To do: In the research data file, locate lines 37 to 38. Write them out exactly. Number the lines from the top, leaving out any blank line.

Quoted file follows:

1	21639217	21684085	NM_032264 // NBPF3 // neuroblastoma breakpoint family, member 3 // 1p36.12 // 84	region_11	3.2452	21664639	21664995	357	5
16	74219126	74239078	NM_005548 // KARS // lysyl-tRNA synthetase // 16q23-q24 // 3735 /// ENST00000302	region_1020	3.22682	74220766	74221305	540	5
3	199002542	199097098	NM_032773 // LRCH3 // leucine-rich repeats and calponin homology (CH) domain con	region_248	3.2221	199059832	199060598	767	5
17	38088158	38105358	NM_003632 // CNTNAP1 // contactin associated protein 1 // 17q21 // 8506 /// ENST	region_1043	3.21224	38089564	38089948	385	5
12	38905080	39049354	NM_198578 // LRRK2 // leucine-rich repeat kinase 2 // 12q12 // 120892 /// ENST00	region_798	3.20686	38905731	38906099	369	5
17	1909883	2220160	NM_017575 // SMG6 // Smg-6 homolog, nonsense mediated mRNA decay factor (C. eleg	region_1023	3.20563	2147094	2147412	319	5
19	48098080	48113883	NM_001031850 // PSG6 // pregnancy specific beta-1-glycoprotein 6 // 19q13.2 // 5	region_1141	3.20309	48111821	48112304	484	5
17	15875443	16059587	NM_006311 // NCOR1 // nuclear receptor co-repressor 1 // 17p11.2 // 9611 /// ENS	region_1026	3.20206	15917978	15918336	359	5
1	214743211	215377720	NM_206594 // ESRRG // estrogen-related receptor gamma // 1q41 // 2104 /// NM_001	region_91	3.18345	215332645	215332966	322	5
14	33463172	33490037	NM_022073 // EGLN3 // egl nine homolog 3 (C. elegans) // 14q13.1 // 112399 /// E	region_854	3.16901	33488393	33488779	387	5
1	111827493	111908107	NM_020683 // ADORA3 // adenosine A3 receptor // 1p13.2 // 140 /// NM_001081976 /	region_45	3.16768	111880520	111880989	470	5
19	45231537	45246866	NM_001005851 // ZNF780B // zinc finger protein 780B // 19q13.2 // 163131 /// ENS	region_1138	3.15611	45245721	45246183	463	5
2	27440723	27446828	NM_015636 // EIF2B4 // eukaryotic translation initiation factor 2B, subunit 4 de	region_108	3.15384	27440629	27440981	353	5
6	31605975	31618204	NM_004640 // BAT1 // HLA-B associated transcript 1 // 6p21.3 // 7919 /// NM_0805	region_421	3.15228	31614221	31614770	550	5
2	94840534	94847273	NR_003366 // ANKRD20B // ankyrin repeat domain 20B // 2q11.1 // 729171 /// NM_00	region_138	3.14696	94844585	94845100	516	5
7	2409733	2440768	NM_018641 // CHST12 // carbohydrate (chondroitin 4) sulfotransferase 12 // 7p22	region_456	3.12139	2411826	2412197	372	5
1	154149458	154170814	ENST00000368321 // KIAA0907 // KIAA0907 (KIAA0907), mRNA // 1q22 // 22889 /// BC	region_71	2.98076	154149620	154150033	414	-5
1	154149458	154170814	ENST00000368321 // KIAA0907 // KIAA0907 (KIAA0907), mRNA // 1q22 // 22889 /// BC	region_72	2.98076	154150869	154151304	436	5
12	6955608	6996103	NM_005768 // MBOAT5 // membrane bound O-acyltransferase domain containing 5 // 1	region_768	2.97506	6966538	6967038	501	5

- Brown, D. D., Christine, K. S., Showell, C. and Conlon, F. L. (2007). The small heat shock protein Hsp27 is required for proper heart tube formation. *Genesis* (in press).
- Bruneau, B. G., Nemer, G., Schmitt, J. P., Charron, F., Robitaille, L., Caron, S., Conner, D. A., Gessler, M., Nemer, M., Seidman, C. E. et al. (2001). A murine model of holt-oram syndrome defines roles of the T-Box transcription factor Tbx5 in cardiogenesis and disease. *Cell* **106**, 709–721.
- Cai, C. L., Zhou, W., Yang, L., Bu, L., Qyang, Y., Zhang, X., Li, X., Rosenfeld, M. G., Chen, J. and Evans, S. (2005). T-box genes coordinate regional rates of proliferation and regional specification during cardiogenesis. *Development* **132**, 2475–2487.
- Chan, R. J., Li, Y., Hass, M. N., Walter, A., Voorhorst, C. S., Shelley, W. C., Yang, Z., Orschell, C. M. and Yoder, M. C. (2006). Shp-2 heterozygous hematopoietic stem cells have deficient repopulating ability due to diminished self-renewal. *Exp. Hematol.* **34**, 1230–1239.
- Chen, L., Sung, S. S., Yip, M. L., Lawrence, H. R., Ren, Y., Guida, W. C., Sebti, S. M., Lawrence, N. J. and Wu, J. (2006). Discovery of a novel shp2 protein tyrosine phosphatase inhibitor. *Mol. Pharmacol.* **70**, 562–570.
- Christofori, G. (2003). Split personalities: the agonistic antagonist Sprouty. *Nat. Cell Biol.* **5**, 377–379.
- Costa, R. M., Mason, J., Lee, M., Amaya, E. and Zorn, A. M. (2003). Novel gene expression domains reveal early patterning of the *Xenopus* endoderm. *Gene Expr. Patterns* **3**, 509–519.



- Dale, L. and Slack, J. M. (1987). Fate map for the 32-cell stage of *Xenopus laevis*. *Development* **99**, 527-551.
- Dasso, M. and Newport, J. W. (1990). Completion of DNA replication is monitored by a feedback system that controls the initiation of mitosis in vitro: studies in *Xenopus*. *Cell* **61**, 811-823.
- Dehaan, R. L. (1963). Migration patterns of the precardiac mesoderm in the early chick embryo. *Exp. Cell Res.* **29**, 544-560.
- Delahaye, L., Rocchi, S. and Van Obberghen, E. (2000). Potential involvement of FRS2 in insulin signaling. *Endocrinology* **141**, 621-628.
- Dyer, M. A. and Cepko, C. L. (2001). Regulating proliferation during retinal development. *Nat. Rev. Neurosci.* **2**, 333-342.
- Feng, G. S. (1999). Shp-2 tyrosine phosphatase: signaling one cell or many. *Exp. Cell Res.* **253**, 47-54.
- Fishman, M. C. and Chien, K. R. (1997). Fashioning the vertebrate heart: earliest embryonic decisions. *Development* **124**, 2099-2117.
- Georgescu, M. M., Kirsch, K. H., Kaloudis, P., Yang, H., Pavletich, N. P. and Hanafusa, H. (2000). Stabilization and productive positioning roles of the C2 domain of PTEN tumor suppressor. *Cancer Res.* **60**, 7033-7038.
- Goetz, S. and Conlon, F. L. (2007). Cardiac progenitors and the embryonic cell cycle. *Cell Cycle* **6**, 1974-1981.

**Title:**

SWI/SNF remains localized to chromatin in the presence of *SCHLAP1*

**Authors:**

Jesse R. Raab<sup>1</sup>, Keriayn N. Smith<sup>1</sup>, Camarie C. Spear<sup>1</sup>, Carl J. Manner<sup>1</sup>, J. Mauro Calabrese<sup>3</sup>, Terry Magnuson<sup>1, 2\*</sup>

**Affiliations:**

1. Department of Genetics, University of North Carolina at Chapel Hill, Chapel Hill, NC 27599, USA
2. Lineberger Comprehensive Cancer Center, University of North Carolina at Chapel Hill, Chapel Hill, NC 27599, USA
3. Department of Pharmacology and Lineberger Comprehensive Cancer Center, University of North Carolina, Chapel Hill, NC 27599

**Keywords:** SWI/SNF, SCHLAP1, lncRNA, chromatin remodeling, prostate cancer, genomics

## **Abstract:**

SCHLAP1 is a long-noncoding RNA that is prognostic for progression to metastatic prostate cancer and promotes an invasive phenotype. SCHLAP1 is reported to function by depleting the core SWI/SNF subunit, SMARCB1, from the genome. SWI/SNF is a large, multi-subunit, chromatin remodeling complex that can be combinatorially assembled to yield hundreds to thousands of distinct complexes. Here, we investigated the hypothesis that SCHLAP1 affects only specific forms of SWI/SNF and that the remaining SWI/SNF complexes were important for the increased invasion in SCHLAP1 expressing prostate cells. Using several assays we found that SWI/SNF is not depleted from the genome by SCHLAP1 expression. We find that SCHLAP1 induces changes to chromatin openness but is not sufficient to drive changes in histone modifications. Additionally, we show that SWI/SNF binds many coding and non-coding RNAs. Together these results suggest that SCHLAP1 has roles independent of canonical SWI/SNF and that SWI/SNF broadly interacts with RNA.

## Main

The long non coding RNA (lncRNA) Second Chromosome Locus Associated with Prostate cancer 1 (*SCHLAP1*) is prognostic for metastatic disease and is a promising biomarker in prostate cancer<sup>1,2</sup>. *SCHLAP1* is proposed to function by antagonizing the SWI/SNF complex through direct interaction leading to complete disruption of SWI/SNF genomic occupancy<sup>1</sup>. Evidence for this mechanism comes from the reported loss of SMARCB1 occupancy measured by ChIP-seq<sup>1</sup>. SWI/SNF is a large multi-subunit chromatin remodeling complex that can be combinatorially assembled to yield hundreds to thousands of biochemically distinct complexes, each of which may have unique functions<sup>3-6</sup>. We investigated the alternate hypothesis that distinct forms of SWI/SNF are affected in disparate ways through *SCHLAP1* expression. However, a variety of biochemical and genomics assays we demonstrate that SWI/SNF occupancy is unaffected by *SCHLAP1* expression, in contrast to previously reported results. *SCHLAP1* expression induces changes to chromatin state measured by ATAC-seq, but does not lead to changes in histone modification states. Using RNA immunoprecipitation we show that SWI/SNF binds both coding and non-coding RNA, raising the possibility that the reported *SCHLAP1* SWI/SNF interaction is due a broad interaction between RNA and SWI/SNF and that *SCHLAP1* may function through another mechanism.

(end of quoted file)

SWI/SNF remains localized to chromatin in the presence of *SCHLAP1*

**Authors:**